Check out the last show from our sister webinar, the Resistance Bureau. Brilliant speakers talk about the rise of digital authoritarianism and how to challenge it, and provide their top tips on how activists can stay safe online.
Resisting digital authoritarianism
For many, the rise of digital technology portended a time of liberation. Optimists hoped that social media in particular would force governments to be more accountable and drive home a new era of transparency and popular participation in political processes. It hasn’t exactly turned out that way.
Instead, dictators and a new breed of savvy autocrats have used technology to their collective advantage, censoring online activity and critical voices, hacking into the accounts of journalists and pro-democracy leaders, switching off the Internet with impunity, and using new, truly terrifying methods to monitor their citizens.
Indeed, because digital technologies have forced governments around the world to be more transparent and accountable — and fearing for their unfettered power — many regimes have forcefully clamped down on them as well as their users.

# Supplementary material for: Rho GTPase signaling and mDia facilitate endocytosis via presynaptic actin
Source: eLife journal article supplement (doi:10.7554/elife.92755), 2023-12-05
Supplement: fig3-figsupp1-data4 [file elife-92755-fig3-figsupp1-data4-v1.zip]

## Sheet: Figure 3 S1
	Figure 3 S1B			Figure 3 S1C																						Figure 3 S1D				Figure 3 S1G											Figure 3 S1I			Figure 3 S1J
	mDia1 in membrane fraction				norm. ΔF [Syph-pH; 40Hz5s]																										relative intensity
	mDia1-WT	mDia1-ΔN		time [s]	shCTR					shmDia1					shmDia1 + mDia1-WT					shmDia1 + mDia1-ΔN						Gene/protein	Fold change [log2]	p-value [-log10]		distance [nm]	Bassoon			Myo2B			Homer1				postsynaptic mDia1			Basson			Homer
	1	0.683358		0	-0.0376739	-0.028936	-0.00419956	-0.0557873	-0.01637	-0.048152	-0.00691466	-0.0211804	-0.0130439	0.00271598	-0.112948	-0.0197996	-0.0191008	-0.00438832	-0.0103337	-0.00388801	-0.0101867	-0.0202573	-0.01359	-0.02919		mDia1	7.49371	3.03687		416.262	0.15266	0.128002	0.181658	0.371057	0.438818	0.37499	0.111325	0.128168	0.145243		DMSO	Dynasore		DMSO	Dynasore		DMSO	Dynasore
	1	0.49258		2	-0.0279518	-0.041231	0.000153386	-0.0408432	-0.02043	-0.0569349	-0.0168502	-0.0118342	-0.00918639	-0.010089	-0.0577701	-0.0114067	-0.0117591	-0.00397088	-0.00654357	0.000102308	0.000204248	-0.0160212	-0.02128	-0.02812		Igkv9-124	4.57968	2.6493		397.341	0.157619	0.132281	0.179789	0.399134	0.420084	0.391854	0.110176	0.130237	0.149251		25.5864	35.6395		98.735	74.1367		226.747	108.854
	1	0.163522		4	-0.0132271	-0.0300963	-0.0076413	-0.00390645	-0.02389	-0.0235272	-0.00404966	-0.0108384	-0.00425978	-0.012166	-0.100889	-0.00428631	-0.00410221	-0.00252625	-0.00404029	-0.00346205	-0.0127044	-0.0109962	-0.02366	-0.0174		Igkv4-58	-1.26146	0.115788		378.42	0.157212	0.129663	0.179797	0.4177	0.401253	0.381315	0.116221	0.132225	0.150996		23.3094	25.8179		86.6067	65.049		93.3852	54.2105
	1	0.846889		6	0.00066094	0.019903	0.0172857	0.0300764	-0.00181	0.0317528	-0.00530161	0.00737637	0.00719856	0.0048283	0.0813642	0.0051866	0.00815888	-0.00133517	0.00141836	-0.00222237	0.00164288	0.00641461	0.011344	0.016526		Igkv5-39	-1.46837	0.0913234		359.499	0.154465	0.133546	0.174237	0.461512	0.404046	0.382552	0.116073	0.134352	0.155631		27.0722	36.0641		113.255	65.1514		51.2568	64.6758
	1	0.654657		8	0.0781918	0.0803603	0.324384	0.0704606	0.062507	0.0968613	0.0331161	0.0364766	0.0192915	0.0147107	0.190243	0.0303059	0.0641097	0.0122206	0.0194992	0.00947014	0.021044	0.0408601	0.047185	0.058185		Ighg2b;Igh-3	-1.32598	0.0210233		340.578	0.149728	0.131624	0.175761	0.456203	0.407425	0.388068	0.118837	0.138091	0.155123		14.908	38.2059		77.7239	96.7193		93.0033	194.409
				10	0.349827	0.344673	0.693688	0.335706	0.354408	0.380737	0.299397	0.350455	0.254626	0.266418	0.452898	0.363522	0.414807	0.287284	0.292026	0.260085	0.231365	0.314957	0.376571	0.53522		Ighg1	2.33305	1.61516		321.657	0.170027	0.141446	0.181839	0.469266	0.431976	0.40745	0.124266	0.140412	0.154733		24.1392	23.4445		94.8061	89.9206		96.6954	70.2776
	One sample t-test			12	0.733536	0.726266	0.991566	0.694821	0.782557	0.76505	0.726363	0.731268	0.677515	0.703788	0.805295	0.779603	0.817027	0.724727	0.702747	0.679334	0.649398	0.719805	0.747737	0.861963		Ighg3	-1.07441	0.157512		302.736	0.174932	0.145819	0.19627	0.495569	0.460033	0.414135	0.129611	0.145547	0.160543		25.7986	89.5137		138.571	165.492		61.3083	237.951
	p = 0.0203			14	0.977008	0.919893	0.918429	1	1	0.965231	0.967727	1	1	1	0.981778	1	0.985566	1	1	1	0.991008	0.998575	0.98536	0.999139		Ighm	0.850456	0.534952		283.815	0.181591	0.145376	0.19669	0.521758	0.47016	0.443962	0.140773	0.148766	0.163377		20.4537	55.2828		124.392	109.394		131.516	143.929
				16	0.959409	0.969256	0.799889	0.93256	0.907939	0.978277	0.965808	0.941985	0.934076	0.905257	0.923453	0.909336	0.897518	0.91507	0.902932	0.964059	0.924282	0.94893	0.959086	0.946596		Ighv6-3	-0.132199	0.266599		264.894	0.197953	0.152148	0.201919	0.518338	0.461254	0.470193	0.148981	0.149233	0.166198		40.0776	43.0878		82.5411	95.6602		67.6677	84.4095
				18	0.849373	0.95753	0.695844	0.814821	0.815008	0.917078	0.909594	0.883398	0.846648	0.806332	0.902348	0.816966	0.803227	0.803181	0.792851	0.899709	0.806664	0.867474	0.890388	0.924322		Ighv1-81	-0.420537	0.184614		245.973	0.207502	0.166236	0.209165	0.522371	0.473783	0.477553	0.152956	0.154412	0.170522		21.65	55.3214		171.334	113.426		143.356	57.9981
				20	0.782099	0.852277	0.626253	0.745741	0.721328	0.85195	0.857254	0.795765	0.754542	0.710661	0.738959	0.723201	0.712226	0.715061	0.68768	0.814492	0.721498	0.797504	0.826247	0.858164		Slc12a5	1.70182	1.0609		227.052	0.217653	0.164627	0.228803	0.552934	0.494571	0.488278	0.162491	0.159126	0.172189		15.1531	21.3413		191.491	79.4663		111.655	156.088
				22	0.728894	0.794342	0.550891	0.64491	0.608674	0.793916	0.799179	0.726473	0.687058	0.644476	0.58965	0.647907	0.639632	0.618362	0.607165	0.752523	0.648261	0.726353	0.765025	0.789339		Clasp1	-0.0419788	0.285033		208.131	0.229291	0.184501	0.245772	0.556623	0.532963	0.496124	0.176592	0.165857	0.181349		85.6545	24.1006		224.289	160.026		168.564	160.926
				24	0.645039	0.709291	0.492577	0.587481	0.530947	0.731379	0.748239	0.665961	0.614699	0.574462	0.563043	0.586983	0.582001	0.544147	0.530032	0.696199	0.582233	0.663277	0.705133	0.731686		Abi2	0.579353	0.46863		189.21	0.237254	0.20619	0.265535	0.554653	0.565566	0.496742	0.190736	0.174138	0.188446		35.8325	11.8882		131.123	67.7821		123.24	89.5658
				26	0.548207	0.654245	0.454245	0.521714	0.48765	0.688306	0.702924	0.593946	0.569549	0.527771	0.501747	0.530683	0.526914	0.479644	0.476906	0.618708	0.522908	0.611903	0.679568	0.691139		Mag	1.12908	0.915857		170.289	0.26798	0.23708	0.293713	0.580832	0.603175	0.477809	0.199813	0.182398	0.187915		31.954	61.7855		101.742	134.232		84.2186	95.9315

A growing number of governments are now adopting illiberal legislation designed to control the online world, including democratic governments like the current regime in Ghana, which has been accused of using the Israeli-made Pegasus software to spy on activists. It has indeed become apparent that digital technology can and will be used as a force for repression, perhaps just as much as human liberation.
This is not just an ‘African’ story of course. Digital repression is a concern around the world and many of the companies involved in this enterprise are based in countries perceived to be democratic. Pegasus, for example, was developed by the Israeli NSO Group, and the list of companies that have bowed to the pressure of autocrats to block texts mentioning the names of opposition leaders in Tanzania, for example, include Vodafone which is headquartered in the UK. On the opposite end of the spectrum: the same technicians that enabled the Ugandan regime to hack into the WhatsApp account of opposition leader Bobi Wine and his colleagues were from China’s Huawei.
The international nature of this phenomenon demands an international response and solidarity. This show will therefore bring together thought leaders, digital activists, and those who have been spied on themselves to discuss these threats to freedom and how they can be effectively countered. What can be done to push back against the expansion of digital surveillance? And how can we protect citizens’ basic human rights from governments that are clearly determined to hack into their lives and monitor their every move? Tune in to find out!